Conditions on Forgiveness

Forgiveness is a tough deal. The biggest problems in life will, no doubt, consist of jerky things people did to you. We’ve been told that we are to “Forgive and forget.” But forgetting obnoxiously, jerky things is tough.

Jesus told people to forgive 70 x 7 times. Seems to me the idea is not just forgive each time a person does something to you, but perhaps also forgive every time you remember what they did to you.

Jesus has other things to say about forgiveness. Here’s a fascinating verse:

“Take heed to yourselves: If thy brother trespass against thee, rebuke him;
and if he repent, forgive him.”

Jesus puts conditions on our forgiveness. The first step in forgiveness is to rebuke. Rather than fume about the jerkiness, confront the jerk. Tell him what he did was wrong. Forgiveness will be pretty tough if you are truly bugged by someone and never talk to them about it.

But the rebuke is not “Hey dummy, that was mean, what are ya stupid or something?” The purpose of the rebuke is to lead to repentance and forgiveness. It’s not supposed to be a return of offense.

The next condition is that the person repents after being rebuked. “IF he repent, forgive him.” IF he says he’s sorry, even if he does the same thing to you seven times a day and repents, forgive him.

If a kid slaps you in the head, “Hey, that hurt, don’t do that.” “Oh, sorry.” Half hour later kid hits you in the head again, “Hey, that hurt, don’t do that.” “Oh, sorry.” Half hour later kid hits you in the head again. “Hey, that hurt, don’t do that.” It gets old! Seems to me if a guy repented truly he wouldn’t keep doing it!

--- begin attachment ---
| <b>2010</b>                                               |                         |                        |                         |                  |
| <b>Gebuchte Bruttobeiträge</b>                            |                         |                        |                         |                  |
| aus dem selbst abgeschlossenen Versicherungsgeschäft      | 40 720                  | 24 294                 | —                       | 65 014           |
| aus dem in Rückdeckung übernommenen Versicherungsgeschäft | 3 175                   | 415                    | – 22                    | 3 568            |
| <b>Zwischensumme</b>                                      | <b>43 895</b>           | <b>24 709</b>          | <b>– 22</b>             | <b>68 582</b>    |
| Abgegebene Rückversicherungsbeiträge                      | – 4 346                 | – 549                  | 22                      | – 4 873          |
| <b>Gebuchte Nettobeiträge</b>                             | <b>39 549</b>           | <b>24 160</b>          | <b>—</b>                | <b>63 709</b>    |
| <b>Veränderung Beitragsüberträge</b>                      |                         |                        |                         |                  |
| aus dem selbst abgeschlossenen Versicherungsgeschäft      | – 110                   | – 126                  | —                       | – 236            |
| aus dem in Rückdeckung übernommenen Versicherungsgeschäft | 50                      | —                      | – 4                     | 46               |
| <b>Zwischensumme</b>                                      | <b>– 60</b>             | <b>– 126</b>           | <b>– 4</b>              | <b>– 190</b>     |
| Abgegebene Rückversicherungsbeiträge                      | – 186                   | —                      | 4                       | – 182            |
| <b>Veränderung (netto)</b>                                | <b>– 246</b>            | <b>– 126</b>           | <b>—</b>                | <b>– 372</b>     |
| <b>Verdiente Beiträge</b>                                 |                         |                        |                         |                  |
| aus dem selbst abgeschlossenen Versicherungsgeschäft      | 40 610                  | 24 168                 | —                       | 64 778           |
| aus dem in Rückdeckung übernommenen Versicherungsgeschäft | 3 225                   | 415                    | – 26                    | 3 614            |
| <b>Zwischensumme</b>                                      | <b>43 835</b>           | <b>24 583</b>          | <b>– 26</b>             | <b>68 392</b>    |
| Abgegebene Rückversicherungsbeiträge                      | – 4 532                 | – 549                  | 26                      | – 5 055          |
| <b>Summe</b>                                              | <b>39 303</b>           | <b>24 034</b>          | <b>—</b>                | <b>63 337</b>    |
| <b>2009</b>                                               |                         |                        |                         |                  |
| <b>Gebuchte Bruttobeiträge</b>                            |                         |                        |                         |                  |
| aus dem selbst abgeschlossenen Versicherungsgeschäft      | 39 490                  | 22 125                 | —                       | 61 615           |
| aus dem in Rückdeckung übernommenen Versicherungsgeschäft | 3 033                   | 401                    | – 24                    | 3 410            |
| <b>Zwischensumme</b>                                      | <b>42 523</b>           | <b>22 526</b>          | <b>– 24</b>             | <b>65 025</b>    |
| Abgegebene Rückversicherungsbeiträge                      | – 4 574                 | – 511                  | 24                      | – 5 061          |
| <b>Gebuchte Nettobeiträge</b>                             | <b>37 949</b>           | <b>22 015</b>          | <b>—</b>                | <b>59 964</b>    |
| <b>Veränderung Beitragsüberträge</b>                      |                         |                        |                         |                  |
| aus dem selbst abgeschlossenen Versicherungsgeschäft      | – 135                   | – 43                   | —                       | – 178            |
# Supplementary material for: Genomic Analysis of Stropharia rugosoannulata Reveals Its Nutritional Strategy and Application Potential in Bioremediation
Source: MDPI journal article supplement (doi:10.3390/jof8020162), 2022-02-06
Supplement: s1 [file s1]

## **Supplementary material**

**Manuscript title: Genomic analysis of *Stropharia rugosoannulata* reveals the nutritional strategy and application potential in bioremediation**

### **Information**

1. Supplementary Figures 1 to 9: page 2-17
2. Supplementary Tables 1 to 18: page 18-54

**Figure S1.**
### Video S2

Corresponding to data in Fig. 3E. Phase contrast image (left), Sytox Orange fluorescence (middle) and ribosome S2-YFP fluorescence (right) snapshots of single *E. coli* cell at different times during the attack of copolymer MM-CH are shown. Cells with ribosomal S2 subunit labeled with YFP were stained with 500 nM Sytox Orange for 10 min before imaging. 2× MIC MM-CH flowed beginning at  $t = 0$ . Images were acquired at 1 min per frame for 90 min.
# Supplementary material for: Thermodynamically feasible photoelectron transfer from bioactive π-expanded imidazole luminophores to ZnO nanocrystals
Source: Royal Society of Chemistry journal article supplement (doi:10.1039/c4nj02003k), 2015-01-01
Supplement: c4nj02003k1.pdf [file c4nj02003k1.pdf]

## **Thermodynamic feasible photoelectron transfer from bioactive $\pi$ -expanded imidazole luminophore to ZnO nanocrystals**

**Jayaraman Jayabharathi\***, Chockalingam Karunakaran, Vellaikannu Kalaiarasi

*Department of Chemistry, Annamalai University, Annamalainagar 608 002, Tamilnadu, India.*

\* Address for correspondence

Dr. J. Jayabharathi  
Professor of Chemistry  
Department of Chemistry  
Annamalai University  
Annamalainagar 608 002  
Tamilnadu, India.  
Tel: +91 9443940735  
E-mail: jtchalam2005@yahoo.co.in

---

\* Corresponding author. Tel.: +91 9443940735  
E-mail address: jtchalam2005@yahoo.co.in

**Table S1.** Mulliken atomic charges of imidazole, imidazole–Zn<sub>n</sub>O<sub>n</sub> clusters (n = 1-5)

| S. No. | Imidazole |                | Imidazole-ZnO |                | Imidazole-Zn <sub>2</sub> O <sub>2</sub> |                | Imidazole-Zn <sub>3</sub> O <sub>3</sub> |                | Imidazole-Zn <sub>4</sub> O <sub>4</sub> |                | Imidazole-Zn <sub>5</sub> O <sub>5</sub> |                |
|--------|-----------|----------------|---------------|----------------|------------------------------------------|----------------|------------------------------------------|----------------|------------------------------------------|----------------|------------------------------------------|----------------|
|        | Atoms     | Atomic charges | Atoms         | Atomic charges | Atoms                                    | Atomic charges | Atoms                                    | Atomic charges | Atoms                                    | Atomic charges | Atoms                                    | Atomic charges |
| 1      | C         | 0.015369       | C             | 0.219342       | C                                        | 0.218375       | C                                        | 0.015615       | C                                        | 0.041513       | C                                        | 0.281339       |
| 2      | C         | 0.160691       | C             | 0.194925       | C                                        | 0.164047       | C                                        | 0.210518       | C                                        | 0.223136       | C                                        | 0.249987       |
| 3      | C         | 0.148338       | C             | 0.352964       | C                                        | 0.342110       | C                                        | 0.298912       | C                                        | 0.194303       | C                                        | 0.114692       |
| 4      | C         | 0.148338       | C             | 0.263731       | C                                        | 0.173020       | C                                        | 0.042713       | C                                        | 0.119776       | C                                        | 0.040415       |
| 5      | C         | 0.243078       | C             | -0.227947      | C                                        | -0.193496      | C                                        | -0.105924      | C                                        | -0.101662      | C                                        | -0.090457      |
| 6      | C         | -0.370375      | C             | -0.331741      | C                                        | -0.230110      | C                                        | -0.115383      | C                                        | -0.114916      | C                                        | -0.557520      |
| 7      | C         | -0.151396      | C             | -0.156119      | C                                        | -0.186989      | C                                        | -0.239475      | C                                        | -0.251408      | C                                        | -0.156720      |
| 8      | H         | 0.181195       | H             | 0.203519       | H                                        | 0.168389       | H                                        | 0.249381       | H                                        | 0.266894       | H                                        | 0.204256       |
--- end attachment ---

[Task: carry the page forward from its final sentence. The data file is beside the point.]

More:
So, if a person does not repent, do you have to forgive him? Can you forgive someone you didn’t rebuke?

2 thoughts on “Conditions on Forgiveness”

  1. Ephesians 4:32 “Be kind to one another, tenderhearted, forgiving one another, as God in Christ forgave you.”

    Colossians 3:13 “…bearing with one another and, if one has a complaint against another, forgiving each other; as the Lord has forgiven you, so you also must forgive.”

    In each case you’ll notice the little word as. We are to forgive as God forgives or in the same manner as He forgives. Thus we must first understand how God forgives if we are to rightly forgive.

    Forgiveness is a commitment to restore broken or disrupted relationship. It is a letting go of the anger or hurt that has been caused and is a commitment to restoration. It is a commitment to no longer hold an offense and its moral liability against a person. This can only happen when one person repents and the other extends forgiveness. The ultimate aim of forgiveness is to restore relationship, but a relationship can only be restored when both parties are willing. There cannot be communion when one party is willing and the other is not. To state that there has been full forgiveness in such a case is to make a mockery of the biblical concept of forgiveness. We can only offer forgiveness, as in the same way God offers forgiveness to us, God is not a universalist who chooses to forgive all men for their offense against Him. Nor does He offer forgiveness without expectation or condition. Rather, God forgives only those who turn to Him in repentance and who put their trust in Him.

    We agree that God’s offer of forgiveness is universal, in that He extends it to all of humanity. But the reality of forgiveness is only for those who accept the conditions of faith and repentance.

    Unforgiveness is something different, that is we are not willing to offer forgiveness because of bitterness, but only true forgiveness can be experienced when both parties understand that repentance is essential.

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